Camel Facts

andreajn

14 Jan 2020

camel facts
Table of Contents
  1. The name ‘camel’ has an Arabic translation meaning ‘beauty.’
  2. The natural habitats of camels are mainly in Asia and Africa.
  3. In association with its native desert climate, camels earned the title ‘ship of the desert.’
  4. Prominent physical characteristics of camels are the humped back, long legs, and big-lipped snout.
  5. Today, there are three extant types of camels namely Dromedary, Bactrian, and wild Bactrian.
  1. Dromedary or Arabian camels have only one hump.
  2. The two hump camel is known as the Bactrian camel.
  3. Camel’s eyelashes consist of two long rows for protection over their eyes.
  4. Camels also have a clear third eyelid as another protective layer from blowing sand.
  5. Sand is not a problem for the camel nose as they can shut their nostrils during sand storms.
  6. Their nose can also preserve water vapor which they can return to the body when needed.
  7. The fur on camel ears keeps dust and sand away from their stirrups.
  8. Camels can carry 375-600 lbs or 170-270 kgs on their backs.
  9. They have oval-shaped red blood cells that keep their blood flow continuously even when there is water scarcity.
  10. Camels became domesticated due to them being sources of meat, milk, leather, and wool.
  1. Camels are social creatures and like greeting each other by blowing on each other’s faces.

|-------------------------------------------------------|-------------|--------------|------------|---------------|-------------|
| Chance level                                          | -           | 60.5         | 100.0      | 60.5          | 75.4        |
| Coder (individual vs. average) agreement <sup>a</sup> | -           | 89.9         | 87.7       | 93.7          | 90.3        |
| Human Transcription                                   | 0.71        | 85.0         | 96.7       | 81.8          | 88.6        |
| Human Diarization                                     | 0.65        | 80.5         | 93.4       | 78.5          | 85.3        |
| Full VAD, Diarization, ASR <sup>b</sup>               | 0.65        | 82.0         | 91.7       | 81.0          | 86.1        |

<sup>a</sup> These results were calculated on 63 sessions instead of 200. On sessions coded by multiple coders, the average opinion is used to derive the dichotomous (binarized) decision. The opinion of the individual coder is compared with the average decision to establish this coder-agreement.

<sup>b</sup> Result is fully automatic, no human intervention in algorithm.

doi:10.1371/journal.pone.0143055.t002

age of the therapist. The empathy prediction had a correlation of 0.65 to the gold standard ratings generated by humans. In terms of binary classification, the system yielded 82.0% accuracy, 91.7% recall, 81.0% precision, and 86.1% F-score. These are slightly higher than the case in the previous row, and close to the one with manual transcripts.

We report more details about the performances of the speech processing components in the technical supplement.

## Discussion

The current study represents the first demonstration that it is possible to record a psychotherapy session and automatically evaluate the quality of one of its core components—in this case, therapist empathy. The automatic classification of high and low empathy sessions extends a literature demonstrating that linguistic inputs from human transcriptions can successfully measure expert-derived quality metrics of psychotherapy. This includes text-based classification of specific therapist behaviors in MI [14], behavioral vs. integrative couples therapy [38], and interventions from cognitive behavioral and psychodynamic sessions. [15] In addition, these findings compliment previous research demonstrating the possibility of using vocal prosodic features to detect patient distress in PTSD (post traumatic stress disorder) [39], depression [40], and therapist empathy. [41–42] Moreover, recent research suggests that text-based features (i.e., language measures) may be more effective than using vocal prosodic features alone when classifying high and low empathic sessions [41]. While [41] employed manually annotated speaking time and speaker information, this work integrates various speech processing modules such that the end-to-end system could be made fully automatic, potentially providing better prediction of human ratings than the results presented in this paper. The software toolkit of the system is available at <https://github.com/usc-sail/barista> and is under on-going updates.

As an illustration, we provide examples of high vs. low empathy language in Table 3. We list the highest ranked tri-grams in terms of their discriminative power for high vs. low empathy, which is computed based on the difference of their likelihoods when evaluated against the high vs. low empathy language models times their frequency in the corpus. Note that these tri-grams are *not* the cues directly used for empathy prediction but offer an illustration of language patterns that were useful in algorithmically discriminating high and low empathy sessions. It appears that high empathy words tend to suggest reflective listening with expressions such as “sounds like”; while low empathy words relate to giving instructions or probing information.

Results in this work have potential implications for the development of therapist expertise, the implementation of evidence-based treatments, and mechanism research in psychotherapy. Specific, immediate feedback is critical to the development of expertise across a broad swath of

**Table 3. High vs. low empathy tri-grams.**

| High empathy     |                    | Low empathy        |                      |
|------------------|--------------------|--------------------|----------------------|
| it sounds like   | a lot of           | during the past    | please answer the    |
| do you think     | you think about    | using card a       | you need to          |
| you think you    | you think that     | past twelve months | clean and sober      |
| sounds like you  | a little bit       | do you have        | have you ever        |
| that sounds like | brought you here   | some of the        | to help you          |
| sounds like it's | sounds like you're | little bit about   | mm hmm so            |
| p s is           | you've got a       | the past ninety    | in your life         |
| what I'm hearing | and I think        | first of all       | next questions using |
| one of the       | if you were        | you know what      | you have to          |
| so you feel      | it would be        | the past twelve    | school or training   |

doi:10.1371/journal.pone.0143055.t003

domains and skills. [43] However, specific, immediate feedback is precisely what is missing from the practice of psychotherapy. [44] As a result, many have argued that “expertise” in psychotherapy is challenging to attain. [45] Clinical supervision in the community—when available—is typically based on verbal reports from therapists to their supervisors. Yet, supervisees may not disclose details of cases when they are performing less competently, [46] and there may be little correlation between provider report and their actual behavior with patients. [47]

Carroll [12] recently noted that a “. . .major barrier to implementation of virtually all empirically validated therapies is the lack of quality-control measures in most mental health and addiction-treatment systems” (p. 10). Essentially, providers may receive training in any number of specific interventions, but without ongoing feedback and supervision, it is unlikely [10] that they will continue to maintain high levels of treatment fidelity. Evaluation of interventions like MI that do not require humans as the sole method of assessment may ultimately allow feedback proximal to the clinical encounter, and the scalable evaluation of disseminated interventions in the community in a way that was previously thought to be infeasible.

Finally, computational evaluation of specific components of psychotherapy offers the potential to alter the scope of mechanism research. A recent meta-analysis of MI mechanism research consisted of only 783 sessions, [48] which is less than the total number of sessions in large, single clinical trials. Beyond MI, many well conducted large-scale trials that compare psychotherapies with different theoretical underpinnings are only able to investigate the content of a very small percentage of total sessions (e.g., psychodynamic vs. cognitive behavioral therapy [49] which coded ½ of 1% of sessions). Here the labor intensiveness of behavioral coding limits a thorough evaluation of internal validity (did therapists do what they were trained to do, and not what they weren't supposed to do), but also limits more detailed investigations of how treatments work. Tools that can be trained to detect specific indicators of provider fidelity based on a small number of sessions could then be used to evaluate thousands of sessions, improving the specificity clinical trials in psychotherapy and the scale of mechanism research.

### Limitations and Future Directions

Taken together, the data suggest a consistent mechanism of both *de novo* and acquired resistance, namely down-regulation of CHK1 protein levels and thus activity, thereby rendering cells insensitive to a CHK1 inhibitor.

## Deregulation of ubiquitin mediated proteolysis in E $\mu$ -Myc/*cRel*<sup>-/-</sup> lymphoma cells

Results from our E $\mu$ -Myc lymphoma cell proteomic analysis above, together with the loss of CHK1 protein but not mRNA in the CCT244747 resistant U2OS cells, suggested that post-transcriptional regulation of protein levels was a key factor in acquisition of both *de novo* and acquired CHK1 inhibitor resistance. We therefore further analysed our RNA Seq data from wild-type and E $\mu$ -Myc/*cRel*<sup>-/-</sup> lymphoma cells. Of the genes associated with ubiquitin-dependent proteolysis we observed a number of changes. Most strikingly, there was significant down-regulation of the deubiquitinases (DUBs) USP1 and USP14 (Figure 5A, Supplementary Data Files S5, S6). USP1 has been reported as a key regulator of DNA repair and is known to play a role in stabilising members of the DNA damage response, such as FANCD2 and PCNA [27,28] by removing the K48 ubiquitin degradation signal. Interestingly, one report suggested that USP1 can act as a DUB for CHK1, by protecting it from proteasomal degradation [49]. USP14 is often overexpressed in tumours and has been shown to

2. Certain camel noises were used in the vocalization of the character Chewbacca from Star Wars.
  3. The uncommon stride that camels make is a result of them using both legs on the same side of their bodies simultaneously.
  4. Camels can run as fast as 40 mph, but can only maintain up to 25 mph for long periods.
  5. During self-defense, camels can use all four of their legs in kicking an opponent.

Whenever you hear the word ‘camel,’ the image of their peculiar humps and sandy desert dunes are among the first things that come to mind. Little do you know that there are more camel facts about these beautiful creatures than any of that. Have you heard about their participation in past wars? Learn about that, and many more when you read these interesting camel facts.

Camels originated from North America as far back as 50 million years ago.

Camelops are homegrown camels in North America. However, they reached extinction around 10,000 years ago. Their existence in the Old World is a rather recent event in terms of geology.

In 1758, Carl Linnaeus named both the Dromedary and domestic Bactrian camel.

Their scientific names are Camelus dromedarius and Camelus bactrianus respectively. Back then, the Swedish zoologist was only aware of the domestic variety of the species.

dromedary camel
Image by JeanieMac from Pixabay

In 1878, Nikolai Prejevalsky discovered the Wild Bactrian camels.

This Russian geographer found the lot during his exploration in Mongolia and Tibet. The scientific name for Wild Bactrian camels is Camelus ferus.

The Wild Bactrian is not a subspecies of the Domestic Bactrian.

DNA analyses showed that the Wild Bactrian has three extra chromosome pairs than the number found in Domestic Bactrian. Hence, the Wild Bactrian is a separate species.